I wonder if the grace and understanding offered to my family as my brother battled drug addiction – if that would have been considered “soft on crime.” Or the union wages that kept my family warm and fed – if that would have been branded as socialism. If the hand-me-downs I wore would have been seen as hand-outs. I wonder what the parents would have thought about our co-ed locker room, in which my fellow cross-country runners and I bonded over sweaty workouts and oldies music.
I wonder, but not too much, because deep down I know the answers. I know that all those things, those foundational experiences, would have been twisted by the Glenn Becks and the Tucker Carlsons of the world. I know that they would have been seen, not as shining examples of how rural culture builds strong, diverse, and fiercely compassionate women and men, but of how the liberal elites were trying to erase the small-town values and principles, our very identities.
I’m progressive for a lot of reasons, but not the least of which is because I grew up in a small town. I grew up in a place where people looked out for one another and accepted their flaws – because there are no skeletons, no secrets in a small town, hell our struggles and failures were often printed in the newspaper. We were all in glass houses so best we left the stones in the driveway. I grew up giving to the local church or shelter and not demanding to know who was taking on the other end – or how many job applications they had put in that week. I grew up with a grandmother who loved books and knowledge because through reading she “could go anywhere in the world.” She didn’t look down upon education or think there was a limit to how much someone could learn. I learned in a school that integrated students with special needs and with parents that took us to the local developmental center regularly. I grew up knowing people were different and that wasn’t something to be scared or hateful of. I grew up in a high school with teachers who tackled the messy concepts like anti-semitism and small town snobbery, who taught us how to run internet lines so that we could see and learn about the world outside the village limits, who advocated for me to attend college at 15 and for my peers to attend vocational courses – not because one was better than the other, but because one was a better fit that the other, and because they knew the world needed both. I came of age in a county where birth control was free and accessible, because the health department knew the importance of planning a family and giving young women control over their bodies.
It wasn’t perfect, not by any means. We battled, and still battle, xenophobia, racism, misogny, drug addiction, violence, and sexual assault. We have all the problems of any community, but now we have the additional struggle of political tribalism. Our “us” versus “them” mentality has been maxed out, and at times, I fear, at the sake of our values.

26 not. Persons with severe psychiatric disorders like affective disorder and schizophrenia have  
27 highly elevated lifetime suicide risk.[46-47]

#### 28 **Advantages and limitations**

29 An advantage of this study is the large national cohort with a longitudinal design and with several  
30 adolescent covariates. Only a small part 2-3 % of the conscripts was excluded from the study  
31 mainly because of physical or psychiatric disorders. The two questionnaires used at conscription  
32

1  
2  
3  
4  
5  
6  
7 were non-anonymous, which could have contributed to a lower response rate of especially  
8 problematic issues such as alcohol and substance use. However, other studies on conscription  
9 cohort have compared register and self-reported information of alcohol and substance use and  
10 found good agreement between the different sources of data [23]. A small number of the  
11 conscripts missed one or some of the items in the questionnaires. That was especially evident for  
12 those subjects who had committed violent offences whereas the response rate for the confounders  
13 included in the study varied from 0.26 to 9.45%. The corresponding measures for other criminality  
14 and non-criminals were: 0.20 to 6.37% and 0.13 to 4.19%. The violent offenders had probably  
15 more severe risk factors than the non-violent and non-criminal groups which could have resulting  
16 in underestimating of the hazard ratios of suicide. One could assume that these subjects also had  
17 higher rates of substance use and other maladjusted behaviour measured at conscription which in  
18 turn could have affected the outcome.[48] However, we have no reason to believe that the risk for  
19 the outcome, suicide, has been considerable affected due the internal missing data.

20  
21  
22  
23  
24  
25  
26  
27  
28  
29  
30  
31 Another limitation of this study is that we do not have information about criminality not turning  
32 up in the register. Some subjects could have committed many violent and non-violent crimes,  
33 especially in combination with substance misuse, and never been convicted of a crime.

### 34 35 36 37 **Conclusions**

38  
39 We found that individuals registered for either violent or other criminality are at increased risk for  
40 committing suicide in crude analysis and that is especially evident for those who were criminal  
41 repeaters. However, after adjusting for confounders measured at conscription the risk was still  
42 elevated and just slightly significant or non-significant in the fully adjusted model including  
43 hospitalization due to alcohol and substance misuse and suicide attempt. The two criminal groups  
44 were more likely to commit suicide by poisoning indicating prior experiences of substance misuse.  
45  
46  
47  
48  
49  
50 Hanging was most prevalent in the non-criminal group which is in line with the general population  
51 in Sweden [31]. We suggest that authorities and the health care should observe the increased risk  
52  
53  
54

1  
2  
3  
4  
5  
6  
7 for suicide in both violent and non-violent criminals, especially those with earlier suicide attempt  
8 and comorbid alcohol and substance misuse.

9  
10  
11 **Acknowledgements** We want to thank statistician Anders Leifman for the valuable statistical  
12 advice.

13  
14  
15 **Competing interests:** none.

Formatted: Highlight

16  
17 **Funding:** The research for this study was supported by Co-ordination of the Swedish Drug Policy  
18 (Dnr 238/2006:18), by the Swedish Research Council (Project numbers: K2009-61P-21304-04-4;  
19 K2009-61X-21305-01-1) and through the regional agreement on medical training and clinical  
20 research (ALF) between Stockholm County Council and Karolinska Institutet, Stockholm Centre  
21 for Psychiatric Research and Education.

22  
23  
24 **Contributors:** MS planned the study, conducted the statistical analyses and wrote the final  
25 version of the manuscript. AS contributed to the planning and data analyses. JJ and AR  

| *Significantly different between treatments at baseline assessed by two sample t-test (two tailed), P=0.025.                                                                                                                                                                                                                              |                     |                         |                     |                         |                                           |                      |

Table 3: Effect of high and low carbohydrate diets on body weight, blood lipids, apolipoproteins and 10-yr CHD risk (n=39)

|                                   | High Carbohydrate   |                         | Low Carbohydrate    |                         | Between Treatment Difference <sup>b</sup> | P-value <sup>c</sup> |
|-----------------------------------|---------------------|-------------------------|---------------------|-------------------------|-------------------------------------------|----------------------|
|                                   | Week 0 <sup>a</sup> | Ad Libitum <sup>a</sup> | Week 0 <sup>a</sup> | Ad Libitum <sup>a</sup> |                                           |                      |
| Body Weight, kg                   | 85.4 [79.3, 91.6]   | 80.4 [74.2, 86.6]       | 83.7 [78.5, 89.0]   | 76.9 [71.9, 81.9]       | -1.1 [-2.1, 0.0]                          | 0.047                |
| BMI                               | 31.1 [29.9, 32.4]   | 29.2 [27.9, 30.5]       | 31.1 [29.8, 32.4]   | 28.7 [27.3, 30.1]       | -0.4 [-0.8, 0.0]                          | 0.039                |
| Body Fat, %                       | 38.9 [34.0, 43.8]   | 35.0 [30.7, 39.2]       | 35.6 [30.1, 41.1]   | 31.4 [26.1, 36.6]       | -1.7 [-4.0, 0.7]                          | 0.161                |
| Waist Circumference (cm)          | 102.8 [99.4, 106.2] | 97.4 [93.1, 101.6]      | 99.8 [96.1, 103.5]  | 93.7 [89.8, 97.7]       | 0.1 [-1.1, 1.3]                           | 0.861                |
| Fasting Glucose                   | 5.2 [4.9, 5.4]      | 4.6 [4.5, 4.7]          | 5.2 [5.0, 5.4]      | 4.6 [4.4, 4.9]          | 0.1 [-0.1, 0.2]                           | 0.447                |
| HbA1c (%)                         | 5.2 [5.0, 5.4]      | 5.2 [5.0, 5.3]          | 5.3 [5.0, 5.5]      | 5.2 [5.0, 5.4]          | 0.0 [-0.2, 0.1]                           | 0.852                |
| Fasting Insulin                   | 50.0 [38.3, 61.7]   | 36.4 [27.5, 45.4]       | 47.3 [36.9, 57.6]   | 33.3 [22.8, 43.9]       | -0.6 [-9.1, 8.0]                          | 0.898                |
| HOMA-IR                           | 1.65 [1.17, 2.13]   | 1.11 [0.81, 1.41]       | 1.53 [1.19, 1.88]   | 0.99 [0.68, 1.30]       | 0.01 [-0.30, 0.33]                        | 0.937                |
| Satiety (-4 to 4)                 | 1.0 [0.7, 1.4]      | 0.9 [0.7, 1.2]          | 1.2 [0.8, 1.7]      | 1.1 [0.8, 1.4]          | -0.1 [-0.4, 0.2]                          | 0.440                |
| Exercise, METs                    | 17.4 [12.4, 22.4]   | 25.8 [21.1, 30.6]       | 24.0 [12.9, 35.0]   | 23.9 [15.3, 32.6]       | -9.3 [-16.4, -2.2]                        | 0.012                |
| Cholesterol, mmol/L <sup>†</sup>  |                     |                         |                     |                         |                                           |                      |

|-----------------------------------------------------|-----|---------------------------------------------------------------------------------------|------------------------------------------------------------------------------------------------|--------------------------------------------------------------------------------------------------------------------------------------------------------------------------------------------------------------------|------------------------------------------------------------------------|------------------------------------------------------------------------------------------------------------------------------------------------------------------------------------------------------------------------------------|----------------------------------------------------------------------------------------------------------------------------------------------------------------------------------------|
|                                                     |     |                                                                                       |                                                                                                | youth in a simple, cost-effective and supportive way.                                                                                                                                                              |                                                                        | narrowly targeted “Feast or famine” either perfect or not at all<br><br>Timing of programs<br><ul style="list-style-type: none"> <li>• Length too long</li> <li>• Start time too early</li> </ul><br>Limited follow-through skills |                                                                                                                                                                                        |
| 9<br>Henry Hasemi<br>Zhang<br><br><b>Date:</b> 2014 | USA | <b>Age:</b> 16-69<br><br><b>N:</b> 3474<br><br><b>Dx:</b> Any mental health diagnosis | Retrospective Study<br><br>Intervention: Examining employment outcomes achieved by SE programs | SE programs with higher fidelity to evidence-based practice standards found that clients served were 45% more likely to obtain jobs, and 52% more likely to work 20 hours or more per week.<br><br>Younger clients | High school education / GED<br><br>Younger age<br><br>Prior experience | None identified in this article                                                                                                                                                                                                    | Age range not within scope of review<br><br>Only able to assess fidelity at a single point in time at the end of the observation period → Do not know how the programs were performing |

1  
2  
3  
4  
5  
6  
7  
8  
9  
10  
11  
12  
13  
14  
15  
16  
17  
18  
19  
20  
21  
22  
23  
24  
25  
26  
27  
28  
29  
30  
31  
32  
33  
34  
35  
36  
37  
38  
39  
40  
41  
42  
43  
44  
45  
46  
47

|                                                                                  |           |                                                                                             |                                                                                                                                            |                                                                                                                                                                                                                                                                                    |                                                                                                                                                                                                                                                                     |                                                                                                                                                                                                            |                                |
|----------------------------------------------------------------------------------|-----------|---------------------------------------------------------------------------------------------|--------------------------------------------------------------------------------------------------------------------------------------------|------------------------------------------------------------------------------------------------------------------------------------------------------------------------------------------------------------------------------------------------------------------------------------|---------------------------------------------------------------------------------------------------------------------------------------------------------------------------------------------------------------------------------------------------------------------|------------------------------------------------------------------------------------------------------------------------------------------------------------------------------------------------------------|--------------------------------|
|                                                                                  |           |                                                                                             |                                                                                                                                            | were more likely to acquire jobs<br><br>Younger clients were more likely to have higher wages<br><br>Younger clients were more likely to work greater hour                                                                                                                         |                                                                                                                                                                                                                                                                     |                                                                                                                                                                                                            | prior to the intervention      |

In a lot of ways my hometown hasn’t changed in the past 20 years. The school still smells like a John Mellencamp song, even if there is a different mascot painted on the floor. The local catering business still remains on the corner, a bit expanded, but with the classic red and yellow sign. The four churches remain and the fields, well they’re planted and harvested each year like clockwork. But in other ways, I fear we’ve changed so much, we’ve given up some of our beliefs because someone implicitly or explicitly told us to. We’ve lost them for the sake of political purity or power. Values like respectfully arguing over a beer, or accepting and learning about the differences of our friends, of helping those less fortunate than ourselves rather than judging or blaming them. We’ve become fearful of the “other” instead of feeling secure in ourselves, threatened by anything or anyone that looks, talks, or votes a little differently.
Maybe I’m wrong, maybe I’m the one who’s changed, lost her roots along with her accent, it’s certainly happened before. Maybe that place is still cultivating more than just beans and corn. I certainly hope so, because the lessons and the love it gave me reverberates through my work, my relationships, and my family. It’s ever present at the ballot box, bar room debates, and the words I write for myself and the world.
Once, years ago at a Steve Miller concert with my childhood friend, a man asked where we were from. We explained and he lauded, “Wow, and look at you now, you’ve made it.” “Sure,” we replied, “but that town made us.”